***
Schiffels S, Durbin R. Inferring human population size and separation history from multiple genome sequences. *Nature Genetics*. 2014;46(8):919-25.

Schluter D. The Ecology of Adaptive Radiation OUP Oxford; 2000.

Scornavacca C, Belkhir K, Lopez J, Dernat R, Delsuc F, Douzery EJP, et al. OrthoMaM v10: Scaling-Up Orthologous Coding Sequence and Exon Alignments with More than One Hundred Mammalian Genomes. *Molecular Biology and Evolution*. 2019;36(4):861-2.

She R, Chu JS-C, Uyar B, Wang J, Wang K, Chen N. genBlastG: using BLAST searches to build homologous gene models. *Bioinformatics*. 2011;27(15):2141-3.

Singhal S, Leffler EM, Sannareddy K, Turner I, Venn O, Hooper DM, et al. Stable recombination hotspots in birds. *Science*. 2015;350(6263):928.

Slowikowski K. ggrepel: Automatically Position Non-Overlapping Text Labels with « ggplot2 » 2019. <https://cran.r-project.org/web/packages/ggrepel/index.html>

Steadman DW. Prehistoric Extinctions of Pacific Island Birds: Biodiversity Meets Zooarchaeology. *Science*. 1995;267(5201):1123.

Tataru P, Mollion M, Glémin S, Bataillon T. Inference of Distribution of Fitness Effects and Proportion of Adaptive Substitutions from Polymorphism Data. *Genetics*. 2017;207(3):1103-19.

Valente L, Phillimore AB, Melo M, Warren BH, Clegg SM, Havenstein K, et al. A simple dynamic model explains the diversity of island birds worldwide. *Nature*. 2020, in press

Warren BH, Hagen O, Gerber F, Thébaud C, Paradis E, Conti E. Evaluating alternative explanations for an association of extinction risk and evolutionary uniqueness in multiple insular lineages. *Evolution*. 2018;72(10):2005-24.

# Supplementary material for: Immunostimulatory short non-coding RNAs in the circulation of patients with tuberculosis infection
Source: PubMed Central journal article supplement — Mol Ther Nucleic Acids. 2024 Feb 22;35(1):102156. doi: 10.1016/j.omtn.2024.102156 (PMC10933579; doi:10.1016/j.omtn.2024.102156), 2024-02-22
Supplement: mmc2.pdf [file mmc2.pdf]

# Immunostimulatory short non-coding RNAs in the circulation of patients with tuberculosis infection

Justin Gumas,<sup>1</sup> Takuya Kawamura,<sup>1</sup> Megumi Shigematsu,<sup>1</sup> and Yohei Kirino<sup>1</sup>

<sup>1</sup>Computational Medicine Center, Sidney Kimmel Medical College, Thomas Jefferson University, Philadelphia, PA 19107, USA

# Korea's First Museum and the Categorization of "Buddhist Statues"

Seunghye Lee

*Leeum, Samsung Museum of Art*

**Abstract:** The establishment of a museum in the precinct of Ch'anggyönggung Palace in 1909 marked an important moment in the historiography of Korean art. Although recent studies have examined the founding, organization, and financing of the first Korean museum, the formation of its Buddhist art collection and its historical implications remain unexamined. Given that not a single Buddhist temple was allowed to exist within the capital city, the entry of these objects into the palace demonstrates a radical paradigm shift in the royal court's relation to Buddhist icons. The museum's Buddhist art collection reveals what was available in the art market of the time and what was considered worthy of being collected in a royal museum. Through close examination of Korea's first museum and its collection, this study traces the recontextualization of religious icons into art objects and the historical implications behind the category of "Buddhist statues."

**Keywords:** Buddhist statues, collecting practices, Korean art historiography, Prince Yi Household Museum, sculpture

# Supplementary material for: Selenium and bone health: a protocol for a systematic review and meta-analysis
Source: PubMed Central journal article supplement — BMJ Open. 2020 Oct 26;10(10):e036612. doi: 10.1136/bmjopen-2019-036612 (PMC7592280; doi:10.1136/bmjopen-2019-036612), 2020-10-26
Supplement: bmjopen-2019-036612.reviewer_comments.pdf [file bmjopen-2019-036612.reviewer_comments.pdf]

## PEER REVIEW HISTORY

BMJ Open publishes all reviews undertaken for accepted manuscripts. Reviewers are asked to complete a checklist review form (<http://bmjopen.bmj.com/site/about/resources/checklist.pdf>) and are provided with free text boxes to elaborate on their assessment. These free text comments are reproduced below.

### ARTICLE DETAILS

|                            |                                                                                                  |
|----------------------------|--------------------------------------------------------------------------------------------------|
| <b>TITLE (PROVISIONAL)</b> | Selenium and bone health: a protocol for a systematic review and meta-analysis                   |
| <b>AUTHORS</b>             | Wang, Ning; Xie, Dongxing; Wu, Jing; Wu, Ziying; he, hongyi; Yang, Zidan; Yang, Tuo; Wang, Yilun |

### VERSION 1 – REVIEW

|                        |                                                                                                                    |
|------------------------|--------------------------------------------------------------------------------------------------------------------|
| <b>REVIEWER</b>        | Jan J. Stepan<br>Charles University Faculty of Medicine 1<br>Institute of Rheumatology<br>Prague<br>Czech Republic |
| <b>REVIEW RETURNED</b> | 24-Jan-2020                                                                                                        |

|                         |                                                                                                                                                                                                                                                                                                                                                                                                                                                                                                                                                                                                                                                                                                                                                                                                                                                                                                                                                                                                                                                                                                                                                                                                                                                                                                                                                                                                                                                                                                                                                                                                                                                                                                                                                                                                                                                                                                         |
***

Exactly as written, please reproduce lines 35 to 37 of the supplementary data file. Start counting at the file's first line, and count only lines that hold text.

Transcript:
| <b>REVIEWER</b>        | Jan J. Stepan<br>Charles University Faculty of Medicine 1<br>Institute of Rheumatology<br>Prague<br>Czech Republic |
| <b>REVIEW RETURNED</b> | 24-Jan-2020                                                                                                        |

|                         |                                                                                                                                                                                                                                                                                                                                                                                                                                                                                                                                                                                                                                                                                                                                                                                                                                                                                                                                                                                                                                                                                                                                                                                                                                                                                                                                                                                                                                                                                                                                                                                                                                                                                                                                                                                                                                                                                                         |